Spousal coresidence gives rise to several potential sources of bias from shared environmental exposure. For example, neighborhood composition and poverty levels around the place of residence correlate strongly with mortality (Geronimus et al. 2001) but are rarely observed in studies of the widowhood effect. Similarly, exposure to residential toxins—or air pollution, more generally—are known to raise the risk of death (Field 2001), yet they are not included in studies of the widowhood effect. Other sources of shared exposure may originate more specifically from shared spousal behaviors, such as diet and smoking. Although some studies of the widowhood effect include controls for residential environment (Subramanian, Elwert, and Christakis 2008), smoking behavior (Schaefer et al. 1995), or accidents (Martikainen and Valkonen 1996b), none control for all potential sources of shared exposure. To the extent that past work omits salient features of the shared marital environment, the causal interpretation of the widowhood effect remains open to challenges from exposure bias.

ANALYTIC STRATEGY: USING EX-WIVES TO TEST FOR BIAS IN THE WIDOWHOOD EFFECT

Expected Patterns of Association

It is difficult to distinguish causation from the confounding biases of homogamy and shared environmental exposure using observational data on coresident married couples alone because all three explanations predict the same positive association between a husband’s and a wife’s mortality. It may, however, be possible to distinguish causation from homogamy bias and shared-exposure bias using data on married couples and ex-spouses because, in this case, the pattern of predicted associations varies across explanations.

Table 1 summarizes the expected associations between the mortality of husbands (H), wives (W), and ex-wives (E) under the three theoretical scenarios. Each row gives the predictions for one pairwise association between the mortality of H, W, and E across scenarios. Plus signs indicate an expected positive association; blanks indicate no expected association. We discuss the table from the perspective of husbands’ mortality because the following empirical analysis focuses on husbands’ mortality as the primary outcome.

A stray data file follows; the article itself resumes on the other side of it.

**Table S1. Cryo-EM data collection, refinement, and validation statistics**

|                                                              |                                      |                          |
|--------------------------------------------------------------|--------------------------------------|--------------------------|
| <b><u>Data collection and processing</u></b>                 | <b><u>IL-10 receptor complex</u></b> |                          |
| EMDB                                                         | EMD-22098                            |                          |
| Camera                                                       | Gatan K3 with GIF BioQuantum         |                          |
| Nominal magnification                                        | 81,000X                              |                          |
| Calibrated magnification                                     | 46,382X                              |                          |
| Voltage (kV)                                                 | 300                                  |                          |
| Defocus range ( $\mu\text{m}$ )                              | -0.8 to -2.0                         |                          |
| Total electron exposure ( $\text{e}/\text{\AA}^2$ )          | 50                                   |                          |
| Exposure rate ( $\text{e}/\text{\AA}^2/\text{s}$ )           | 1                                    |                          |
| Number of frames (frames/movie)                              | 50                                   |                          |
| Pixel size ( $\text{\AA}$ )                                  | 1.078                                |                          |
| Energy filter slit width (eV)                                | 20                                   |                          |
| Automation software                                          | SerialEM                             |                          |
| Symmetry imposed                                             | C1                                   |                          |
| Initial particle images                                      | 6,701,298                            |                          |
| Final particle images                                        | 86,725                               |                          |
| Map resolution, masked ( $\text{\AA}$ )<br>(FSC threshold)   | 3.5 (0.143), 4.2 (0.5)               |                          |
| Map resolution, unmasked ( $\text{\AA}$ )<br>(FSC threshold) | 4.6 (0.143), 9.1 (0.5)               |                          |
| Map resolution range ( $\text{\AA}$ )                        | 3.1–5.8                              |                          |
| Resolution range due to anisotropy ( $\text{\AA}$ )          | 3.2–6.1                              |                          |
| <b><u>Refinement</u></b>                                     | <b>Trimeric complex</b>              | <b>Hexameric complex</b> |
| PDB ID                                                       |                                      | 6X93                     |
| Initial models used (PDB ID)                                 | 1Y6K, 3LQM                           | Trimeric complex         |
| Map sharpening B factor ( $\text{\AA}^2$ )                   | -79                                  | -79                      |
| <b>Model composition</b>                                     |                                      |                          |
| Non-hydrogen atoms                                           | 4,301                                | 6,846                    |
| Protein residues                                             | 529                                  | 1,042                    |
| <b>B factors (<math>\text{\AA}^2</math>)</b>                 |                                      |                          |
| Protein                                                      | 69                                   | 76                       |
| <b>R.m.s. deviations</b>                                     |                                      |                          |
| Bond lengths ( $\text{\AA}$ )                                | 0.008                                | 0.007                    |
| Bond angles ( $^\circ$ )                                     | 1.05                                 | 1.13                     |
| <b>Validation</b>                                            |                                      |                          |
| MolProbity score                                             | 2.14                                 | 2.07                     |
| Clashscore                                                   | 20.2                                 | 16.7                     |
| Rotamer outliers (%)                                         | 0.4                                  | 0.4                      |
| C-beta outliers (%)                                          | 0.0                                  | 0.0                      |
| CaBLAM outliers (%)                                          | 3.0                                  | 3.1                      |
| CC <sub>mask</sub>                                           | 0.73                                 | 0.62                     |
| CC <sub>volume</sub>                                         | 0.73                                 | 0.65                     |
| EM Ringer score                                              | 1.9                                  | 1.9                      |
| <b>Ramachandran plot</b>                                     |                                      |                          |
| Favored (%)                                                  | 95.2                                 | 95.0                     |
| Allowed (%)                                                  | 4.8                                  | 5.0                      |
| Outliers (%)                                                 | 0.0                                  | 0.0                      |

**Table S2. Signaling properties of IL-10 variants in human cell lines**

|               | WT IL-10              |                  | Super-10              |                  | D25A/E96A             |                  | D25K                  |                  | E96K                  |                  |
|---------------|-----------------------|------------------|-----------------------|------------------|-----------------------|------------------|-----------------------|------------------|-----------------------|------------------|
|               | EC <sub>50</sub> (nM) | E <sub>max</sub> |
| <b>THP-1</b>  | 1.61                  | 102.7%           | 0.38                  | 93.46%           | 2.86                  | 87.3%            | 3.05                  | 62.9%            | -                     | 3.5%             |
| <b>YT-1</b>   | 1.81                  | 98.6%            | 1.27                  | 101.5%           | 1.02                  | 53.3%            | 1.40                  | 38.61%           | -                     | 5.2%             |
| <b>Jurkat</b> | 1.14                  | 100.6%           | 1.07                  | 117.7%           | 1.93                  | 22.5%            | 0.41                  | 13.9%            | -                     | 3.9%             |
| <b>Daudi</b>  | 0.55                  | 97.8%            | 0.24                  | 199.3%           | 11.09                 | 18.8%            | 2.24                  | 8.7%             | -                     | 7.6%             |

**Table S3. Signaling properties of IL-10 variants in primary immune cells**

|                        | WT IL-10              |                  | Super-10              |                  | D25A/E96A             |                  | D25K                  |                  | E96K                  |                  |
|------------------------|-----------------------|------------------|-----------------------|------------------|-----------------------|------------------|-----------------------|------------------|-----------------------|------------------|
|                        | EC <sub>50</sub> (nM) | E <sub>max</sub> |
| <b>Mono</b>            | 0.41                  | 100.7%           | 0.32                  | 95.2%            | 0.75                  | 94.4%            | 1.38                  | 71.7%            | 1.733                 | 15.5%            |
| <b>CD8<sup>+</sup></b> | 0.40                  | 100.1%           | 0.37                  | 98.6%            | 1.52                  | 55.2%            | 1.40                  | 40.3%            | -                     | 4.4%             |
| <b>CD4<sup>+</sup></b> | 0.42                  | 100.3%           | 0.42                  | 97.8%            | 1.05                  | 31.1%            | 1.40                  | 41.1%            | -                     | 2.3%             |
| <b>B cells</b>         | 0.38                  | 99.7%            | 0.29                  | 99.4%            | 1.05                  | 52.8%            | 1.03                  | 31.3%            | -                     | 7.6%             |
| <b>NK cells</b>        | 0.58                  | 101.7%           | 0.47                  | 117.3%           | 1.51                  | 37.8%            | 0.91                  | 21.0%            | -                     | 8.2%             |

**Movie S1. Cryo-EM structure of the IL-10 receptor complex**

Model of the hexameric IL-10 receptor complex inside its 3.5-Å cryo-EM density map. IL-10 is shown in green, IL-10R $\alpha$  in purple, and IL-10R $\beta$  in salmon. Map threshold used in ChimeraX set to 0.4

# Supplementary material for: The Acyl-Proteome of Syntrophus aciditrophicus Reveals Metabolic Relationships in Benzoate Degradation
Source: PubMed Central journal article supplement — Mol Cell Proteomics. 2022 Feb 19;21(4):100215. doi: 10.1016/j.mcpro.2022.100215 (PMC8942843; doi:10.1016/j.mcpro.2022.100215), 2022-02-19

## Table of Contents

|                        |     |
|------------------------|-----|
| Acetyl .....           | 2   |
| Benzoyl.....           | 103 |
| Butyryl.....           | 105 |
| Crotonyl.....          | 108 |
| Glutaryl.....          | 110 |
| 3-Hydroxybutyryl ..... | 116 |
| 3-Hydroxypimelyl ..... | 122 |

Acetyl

Table 1.
Expected Associations Under Competing Scenarios

The first column shows the pattern expected if the apparent effect of the wife’s death on her husband’s mortality is exclusively due to causation. The wife’s death would then be associated with an increase in husband’s mortality, net of controls, by the causal mechanisms reviewed earlier in this article. Because the causal interpretation of the widowhood effect rests on mechanisms engendered by spousal affiliation and coresidence, one would not expect an association between an ex-wife’s death and her husband’s mortality.2 Similarly, we would not expect to observe an association between the mortality of the current wife and an ex-wife.

The second column shows the associations expected because of homogamy between husbands and wives. If like marries like, then the current wife’s death should be positively associated with her husband’s mortality even if the death of one does not cause the death of the other. For example, to the extent that men of low education with congenital heart disease marry women who are similarly disadvantaged, we would expect their deaths to be correlated because both would likely die sooner than otherwise similar highly educated, healthy men married to similarly advantaged women. By the same reasoning, we would expect to find an association between husbands and their current wives as well as between husbands and their ex-wives (and even between current wives and ex-wives). The presence of an association between ex-wives’ and husbands’ mortality, net of controls, may therefore indicate homogamy bias in the apparent effect of current wives’ death on husbands’ mortality. Conversely, the absence of an association between the mortality of husbands and their ex-wives, net of controls, would discount the possibility of homogamy bias and, consequently, raise the credibility of a causal interpretation for the widowhood effect.